After weeks of jockeying, Senate Republicans were finally able to secure the necessary amount of votes and pass their comprehensive tax reform package early Saturday morning.
The GOP-led tax bill passed by a slim margin of 51-49, with Tennessee Sen. Bob Corker being the only Republican to vote no. Vice President Mike Pence was not even needed as a tie-breaker.
Every Democrat voted against the bill. (Imagine Our Shock)
“We have an opportunity now to make America more competitive, and to keep jobs from being shipped offshore and provide substantial relief to the middle class,” McConnell told reporters following the vote. “At the end, there was not a single Democrat who thought this was a good idea, and so we’re going to take this message to the American people a year from now.”
The Senate bill now heads to a conference committee, where leaders in the upper chamber will work with their House counterparts on negotiating a uniform bill — House Republicans passed their own tax reform package last month, but their bill is remarkably different from the Senate version.
Senate GOP leadership’s ability to secure the necessary votes for passage came after numerous changes to the bill were made to placate the concerns of several members in their caucus.
Several Republican senators had expressed an issue with earlier versions of the tax legislation, with many having their own specific criticisms, but were won over after rewrites.
Two Republicans who had formerly come out against the bill, Sens. Ron Johnson of Wisconsin and Steve Daines of Montana, changed their stance after the bill was amended to their liking.
Both Daines and Johnson felt an earlier version did not do enough for small businesses. Their concerns were tempered by changes to the legislation provided more benefit to pass-through businesses, raising the amount of pass-through income businesses can deduct.
“After weeks of fighting for Main Street businesses including Montana’s farmers and ranchers, I’ve decided to support the Senate tax cut bill which provides significant tax relief for Main Street businesses,” Daines stated to the media.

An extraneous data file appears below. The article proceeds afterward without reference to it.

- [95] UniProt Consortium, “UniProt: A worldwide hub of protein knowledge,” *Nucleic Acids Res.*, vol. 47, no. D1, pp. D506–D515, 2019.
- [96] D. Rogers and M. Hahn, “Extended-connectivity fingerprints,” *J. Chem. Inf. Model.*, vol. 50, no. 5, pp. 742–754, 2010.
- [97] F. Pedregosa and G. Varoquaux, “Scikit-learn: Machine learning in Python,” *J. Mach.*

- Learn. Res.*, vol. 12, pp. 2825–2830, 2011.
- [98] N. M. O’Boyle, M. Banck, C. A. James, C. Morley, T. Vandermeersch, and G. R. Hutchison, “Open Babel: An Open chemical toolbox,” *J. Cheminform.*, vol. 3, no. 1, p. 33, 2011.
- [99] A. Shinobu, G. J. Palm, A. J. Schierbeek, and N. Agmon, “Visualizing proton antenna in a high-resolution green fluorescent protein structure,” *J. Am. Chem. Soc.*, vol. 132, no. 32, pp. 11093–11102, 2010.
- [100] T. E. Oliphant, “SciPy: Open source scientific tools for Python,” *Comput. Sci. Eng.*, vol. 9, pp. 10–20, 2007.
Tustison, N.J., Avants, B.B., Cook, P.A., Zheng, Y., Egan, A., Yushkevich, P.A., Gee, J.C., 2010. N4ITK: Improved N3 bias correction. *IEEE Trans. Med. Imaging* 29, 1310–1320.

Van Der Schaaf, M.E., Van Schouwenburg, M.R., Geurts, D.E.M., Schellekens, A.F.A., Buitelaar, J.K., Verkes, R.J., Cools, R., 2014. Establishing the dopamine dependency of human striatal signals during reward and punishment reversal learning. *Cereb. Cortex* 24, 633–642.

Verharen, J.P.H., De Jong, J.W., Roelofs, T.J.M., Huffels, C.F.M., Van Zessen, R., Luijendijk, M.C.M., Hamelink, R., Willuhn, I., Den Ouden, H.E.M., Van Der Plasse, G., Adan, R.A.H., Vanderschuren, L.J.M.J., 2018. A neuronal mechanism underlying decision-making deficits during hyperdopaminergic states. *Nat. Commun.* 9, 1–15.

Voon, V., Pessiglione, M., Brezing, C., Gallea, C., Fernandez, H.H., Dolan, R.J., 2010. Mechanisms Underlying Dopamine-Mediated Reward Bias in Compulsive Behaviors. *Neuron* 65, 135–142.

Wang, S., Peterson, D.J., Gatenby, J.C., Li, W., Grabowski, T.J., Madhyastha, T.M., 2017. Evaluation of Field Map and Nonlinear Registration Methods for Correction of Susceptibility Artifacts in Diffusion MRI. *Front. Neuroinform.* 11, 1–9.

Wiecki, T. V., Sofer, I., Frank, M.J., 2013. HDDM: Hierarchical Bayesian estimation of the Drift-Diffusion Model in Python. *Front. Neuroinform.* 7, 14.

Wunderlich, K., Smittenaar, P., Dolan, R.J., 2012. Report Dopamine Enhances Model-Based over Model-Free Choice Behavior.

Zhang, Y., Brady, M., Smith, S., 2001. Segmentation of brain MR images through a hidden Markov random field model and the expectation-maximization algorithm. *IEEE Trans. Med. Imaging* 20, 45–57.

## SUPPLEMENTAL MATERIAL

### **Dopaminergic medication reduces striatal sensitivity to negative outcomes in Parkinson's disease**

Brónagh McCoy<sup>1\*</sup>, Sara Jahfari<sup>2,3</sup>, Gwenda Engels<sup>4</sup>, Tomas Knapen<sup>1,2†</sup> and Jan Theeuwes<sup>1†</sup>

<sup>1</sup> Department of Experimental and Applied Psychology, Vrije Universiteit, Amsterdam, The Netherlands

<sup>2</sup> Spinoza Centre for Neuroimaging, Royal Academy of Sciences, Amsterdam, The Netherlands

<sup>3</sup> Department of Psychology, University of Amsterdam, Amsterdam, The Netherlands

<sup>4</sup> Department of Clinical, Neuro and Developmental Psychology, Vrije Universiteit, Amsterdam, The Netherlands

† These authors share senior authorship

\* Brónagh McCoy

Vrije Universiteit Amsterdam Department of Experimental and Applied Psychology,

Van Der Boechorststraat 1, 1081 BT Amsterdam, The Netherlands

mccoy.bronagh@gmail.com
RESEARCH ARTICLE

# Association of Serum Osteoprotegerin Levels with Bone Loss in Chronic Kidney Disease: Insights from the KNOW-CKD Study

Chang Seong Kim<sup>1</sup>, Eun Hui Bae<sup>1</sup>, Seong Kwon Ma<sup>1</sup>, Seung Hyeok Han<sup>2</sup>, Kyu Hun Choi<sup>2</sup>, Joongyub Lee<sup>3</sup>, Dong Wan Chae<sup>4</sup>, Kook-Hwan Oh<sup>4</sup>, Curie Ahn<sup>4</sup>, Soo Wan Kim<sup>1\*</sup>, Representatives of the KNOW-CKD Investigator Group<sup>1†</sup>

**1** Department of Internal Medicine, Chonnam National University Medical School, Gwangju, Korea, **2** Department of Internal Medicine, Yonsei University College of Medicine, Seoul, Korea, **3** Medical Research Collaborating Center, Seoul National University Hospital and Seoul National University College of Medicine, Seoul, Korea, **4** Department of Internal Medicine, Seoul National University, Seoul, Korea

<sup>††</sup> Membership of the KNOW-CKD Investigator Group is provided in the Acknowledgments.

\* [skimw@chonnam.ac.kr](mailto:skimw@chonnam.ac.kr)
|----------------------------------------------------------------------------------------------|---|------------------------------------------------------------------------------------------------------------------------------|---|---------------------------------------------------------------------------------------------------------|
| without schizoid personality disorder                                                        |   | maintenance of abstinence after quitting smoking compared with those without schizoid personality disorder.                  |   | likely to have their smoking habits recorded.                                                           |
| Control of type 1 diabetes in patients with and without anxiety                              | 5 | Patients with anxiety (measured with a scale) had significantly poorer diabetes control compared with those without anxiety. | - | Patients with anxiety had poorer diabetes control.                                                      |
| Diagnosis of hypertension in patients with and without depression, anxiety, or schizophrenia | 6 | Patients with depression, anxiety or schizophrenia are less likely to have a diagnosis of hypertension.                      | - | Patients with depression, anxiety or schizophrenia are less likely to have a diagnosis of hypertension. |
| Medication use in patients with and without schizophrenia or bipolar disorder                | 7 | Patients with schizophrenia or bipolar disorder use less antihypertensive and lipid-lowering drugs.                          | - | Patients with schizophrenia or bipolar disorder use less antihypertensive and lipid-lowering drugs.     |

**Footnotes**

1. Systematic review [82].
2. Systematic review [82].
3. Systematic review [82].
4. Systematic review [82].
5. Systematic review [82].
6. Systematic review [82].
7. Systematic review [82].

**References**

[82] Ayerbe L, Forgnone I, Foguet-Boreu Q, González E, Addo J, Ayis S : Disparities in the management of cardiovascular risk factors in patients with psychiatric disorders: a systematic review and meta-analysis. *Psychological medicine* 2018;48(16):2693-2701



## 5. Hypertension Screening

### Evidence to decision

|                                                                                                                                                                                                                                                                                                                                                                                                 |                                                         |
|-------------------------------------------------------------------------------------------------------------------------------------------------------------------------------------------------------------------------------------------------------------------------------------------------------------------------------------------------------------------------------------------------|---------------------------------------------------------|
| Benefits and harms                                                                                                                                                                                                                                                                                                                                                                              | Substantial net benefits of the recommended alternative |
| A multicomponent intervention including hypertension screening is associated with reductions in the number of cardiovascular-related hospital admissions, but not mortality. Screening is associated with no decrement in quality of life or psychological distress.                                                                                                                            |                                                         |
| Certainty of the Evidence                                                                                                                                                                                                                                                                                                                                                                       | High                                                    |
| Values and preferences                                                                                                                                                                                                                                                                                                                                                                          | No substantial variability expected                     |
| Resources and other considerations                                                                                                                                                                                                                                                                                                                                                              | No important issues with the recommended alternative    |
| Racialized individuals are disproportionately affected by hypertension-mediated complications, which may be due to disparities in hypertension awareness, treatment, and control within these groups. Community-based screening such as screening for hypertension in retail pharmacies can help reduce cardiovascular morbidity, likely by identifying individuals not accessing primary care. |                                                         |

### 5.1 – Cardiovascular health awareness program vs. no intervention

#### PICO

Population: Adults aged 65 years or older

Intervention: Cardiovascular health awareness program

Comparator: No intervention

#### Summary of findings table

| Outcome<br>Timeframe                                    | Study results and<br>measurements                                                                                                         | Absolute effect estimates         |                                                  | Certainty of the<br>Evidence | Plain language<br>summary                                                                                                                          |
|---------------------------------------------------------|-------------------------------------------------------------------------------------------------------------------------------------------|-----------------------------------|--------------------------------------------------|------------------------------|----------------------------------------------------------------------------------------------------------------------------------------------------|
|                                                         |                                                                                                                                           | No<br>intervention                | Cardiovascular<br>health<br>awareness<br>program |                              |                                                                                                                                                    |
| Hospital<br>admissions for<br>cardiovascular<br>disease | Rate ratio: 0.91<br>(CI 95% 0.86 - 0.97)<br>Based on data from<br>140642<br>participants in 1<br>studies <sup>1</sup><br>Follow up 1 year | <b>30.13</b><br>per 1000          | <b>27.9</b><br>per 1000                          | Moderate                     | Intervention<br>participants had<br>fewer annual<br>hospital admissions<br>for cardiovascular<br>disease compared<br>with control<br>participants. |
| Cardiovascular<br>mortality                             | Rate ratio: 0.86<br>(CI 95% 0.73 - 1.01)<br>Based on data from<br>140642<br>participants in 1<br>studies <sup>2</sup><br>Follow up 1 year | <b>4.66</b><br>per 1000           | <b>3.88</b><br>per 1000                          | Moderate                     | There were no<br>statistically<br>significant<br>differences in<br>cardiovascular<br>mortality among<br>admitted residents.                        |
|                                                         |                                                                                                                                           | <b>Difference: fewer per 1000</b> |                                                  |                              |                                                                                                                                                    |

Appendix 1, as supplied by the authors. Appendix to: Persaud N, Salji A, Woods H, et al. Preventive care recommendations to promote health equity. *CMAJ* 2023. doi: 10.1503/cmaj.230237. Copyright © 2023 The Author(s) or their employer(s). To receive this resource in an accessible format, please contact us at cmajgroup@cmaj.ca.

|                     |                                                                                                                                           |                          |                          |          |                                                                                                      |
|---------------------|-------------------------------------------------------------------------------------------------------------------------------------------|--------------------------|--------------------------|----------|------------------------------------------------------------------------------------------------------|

There were also worries that Sens. John McCain and Susan Collins — two moderate Republicans who bucked their party when they derailed the Obamacare repeal earlier this year — would oppose the tax bill because of a provision that repeals the health care mandate, a major component of Obamacare.
Although they were some of the last remaining holdouts, the two centrists ultimately felt the legislation earned their approval.
“After careful thought and consideration, I have decided to support the Senate tax reform bill,” McCain, an Arizona senator, announced on Thursday. “I believe this legislation, though far from perfect, would enhance American competitiveness, boost the economy, and provide long-overdue tax relief for middle-class families.”
Collins was more concerned about the effect on homeowners. The Maine Republican wanted to add a deduction for local property taxes and was able to come to an agreement with leadership on the issue.
Another big issue among GOP caucus members was deficit spending versus deeper tax cuts. Tennessee Sen. Bob Corker and Arizona Sen. Jeff Flake, two Republicans that have announced their pending retirements and have publicly feuded with President Trump, wanted to slim the size of the $1.4 trillion tax package by $350 billion to $450 billion.
Corker was the strongest advocate of adding a trigger rule to protect from deficit spending. The trigger would automatically increase taxes in the event government revenue does not reach expected levels. However, according to a report by CNN, the Senate parliamentarian ruled such a trigger would not be allowed under Senate rules — derailing Corker’s idea.
Corker, an outgoing lawmaker who has chosen not run for re-election next year, was the only Republican senator to vote against the bill. He has, however, left the door open to voting for it after it the legislation has been changed in conference committee.
By Friday afternoon, Senate Majority Leader Mitch McConnell declared he had secured enough votes for passage.
“We have the votes,” McConnell announced to reporters as he walked down the hallway between his office and the Senate chamber after leaving an hour-and-a-half-long meeting.
Two separate tax bills have been passed in the House and Senate, and leaders from both chambers will have to meet in conference committee to create a uniform package — something that could potentially prove to be very difficult.
The two bills are remarkably different. Namely, the Senate’s version includes a measure that repeals the health care mandate in Obamacare, which requires all Americans to carry insurance or else pays a fine. The House has no such clause.
Numerous other differences, such as tax deductions, are glaring between the two bills. Many senators who had an issue with the bill may have voted for it Friday knowing it could be altered to their liking.
Jason Hopkins is The Western Journal’s Washington, D.C., correspondent.
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